• Carnesecca Arena (St. John’s women, and men’s alternate)
  • Hofstra Arena (Hofstra)
  • Levien Gymnasium (Columbia)
  • Newman Arena (Cornell)
  • Koessler Athletic Center (Canisius)
  • Hynes Athletic Center (Iona)
  • Draddy Gymnasium (Manhattan)
  • McCann Field House (Marist)
  • Gallagher Center (Niagara)
  • Times Union Center (Siena men)
  • Alumni Recreation Center (Siena women)
  • Alumni Arena (Buffalo)
  • Steinberg Wellness Center (LIU)
  • Generoso Pope Athletic Complex (St. Francis Brooklyn)
  • Spiro Sports Center (Wagner)
  • Christl Arena (Army)
  • Cotterell Court (Colgate)
  • v
  • t
  • e

Venues of the Democratic National Convention

  • The Athenaeum and Warfield’s Church (1832)
  • Fourth Presbyterian Church (Baltimore) (1835)
  • The Assembly Rooms (1840)
  • Odd Fellows Hall (1844)
  • Universalist Church (Baltimore) (1848)
  • Maryland Institute (1852)
  • Smith and Nixon’s Hall (1856)
  • South Carolina Institute Hall / Front Street Theater (1860)
  • The Amphitheatre (Chicago) (1864)
  • Tammany Hall (1868)
  • Ford’s Grand Opera House (1872)
  • Merchants Exchange Building (1876)
  • Cincinnati Music Hall (1880)
  • Interstate Exposition Building (1884)
  • Exposition Building (1888)
  • Wigwam (1892)
  • Chicago Coliseum (1896)
  • Convention Hall (1900)
  • St. Louis Coliseum (1904)
  • Denver Auditorium Arena (1908)
  • Fifth Regiment Armory (1912)
  • Convention Hall (1916)
  • San Francisco Civic Auditorium (1920)
  • Madison Square Garden (II) (1924)
  • Sam Houston Hall (1928)
  • Chicago Stadium (1932)
  • Philadelphia Convention Hall/Franklin Field (1936)
  • Chicago Stadium (1940)
  • Chicago Stadium (1944)
  • Philadelphia Convention Hall (1948)
  • International Amphitheatre (1952)
  • International Amphitheatre (1956)
  • Los Angeles Memorial Sports Arena / Los Angeles Memorial Coliseum (1960)
  • Atlantic City Convention Hall (1964)
  • International Amphitheatre (1968)
  • Miami Beach Convention Center (1972)
  • Madison Square Garden (IV) (1976)
  • Madison Square Garden (IV) (1980)
  • Moscone Center (1984)
  • Omni Coliseum (1988)
  • Madison Square Garden (IV) (1992)
  • United Center (1996)
  • Staples Center (2000)
  • FleetCenter (2004)
  • Pepsi Center / Invesco Field (2008)
  • Time Warner Cable Arena (2012)
  • Wells Fargo Center (2016)
  • Wisconsin Center (2020)
  • v
  • t
  • e

Venues of the Grammy Award ceremonies

  • The Beverly Hilton (1959; 1965)
  • Hollywood Palladium (1971, 1974, +61404532026)
  • Felt Forum (1972)
  • Madison Square Garden (1972, 1997, 2003, 2018)
  • Tennessee Theatre (1973)
  • Uris Theatre (1975)
  • Shrine Auditorium (1978–1980, 1982–1987, +61404532026, 1993, +61404532026, 1999)
  • Radio City Music Hall (1981, 1988, 1991, 1992, 1994, 1998)
  • Staples Center (2000–2002, 2004–2017, 2019–present)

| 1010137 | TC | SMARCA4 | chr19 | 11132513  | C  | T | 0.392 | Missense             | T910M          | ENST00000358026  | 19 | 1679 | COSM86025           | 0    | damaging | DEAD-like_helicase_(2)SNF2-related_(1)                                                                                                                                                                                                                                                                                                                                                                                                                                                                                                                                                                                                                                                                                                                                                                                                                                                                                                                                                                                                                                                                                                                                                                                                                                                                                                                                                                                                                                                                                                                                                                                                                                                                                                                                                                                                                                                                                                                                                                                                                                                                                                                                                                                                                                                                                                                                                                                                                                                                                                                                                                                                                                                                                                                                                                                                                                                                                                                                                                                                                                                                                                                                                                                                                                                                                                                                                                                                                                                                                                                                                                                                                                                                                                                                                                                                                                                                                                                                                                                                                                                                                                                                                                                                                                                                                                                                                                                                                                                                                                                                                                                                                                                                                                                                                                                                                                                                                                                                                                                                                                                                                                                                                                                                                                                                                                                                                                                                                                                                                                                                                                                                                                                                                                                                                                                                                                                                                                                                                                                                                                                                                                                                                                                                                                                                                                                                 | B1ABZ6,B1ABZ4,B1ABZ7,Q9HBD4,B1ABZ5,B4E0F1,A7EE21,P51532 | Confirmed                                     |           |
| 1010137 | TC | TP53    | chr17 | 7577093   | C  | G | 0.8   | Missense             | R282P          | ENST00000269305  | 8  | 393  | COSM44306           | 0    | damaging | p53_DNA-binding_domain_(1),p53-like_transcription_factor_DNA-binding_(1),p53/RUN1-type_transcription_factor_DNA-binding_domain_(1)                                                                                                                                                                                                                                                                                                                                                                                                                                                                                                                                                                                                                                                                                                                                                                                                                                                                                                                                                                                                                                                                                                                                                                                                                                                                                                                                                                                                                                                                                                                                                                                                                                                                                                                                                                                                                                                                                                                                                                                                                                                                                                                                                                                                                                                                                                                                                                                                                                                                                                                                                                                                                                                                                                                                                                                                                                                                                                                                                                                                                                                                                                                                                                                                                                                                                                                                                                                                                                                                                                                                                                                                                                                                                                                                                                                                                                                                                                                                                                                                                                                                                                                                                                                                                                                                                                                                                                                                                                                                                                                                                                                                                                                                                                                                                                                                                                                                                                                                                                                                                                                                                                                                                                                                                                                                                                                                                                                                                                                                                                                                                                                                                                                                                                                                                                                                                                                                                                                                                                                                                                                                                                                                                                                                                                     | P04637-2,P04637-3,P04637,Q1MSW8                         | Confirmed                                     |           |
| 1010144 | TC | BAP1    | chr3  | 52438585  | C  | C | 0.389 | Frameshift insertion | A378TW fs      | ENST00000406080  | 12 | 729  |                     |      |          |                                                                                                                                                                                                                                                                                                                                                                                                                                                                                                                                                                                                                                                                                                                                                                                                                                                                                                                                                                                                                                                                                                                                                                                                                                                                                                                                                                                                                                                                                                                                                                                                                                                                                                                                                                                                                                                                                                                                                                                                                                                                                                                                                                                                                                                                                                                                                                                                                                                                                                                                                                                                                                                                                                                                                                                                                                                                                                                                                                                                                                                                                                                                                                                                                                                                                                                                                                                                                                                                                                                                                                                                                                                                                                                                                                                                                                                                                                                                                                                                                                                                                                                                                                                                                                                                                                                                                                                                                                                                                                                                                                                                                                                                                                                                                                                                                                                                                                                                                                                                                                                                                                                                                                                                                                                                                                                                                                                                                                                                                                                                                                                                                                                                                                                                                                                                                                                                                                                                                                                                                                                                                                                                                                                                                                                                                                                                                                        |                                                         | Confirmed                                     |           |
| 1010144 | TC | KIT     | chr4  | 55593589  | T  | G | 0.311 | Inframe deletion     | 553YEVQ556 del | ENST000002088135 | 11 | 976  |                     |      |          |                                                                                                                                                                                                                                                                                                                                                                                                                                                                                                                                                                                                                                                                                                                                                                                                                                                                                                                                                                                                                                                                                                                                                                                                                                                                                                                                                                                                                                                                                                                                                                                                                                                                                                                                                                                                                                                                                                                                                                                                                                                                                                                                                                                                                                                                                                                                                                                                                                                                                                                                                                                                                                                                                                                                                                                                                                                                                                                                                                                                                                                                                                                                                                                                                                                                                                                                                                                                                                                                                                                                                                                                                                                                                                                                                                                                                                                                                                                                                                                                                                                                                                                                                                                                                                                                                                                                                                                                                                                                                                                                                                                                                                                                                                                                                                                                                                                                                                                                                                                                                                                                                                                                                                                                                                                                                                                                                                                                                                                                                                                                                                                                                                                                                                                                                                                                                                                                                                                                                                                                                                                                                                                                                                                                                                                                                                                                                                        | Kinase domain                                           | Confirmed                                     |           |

• v
  • t
  • e

Venues of the Latin Grammy Award ceremonies

  • Staples Center (2000)
  • Conga Room (2001)
  • Kodak Theatre (2002)
  • FTX Arena (2003)
  • Shrine Auditorium (2004–2005)
  • Madison Square Garden (2006)
  • Mandalay Bay Events Center (2007)
  • Toyota Center (2008)
  • Mandalay Bay Events Center (2009–2013)
  • MGM Grand Garden Arena (+61404532026, 2017-present)
  • T-Mobile Arena (2016)
  • v
  • t
  • e

Venues of the Republican National Convention

  • Musical Fund Hall (1856)
  • Wigwam (1860)
  • Front Street Theater (1864)
  • Crosby’s Opera House (1868)
  • Academy of Music (1872)
  • Exposition Hall (Cincinnati) (1876)
  • Interstate Exposition Building (1880)
  • Exposition Hall (Chicago) (1884)
  • Auditorium (1888)
  • Industrial Exposition Building (1892)
  • St. Louis Exposition and Music Hall (1896)
  • Convention Hall (1900)
  • Chicago Coliseum (1904)
  • Chicago Coliseum (1908)
  • Chicago Coliseum (1912)
  • Chicago Coliseum (1916)
  • Chicago Coliseum (1920)
  • Public Auditorium (1924)
  • Convention Hall (1928)
  • Chicago Stadium (1932)
  • Public Auditorium (1936)
  • Convention Hall (1940)
  • Chicago Stadium (1944)
  • Convention Hall (1948)
  • International Amphitheatre (1952)
  • Cow Palace (1956)
  • International Amphitheatre (1960)
  • Cow Palace (1964)
  • Miami Beach Convention Center (1968)
  • Miami Beach Convention Center (1972)
  • Kemper Arena (1976)
  • Joe Louis Arena (1980)
  • Dallas Convention Center (1984)
  • Louisiana Superdome (1988)
  • Houston Astrodome (1992)
  • San Diego Convention Center (1996)
  • First Union Center (2000)
  • Madison Square Garden (2004)
  • Xcel Energy Center (2008)
  • Tampa Bay Times Forum (2012)
  • Quicken Loans Arena (2016)
  • Charlotte Convention Center (2020)


See also  Vegetable Planting Calendar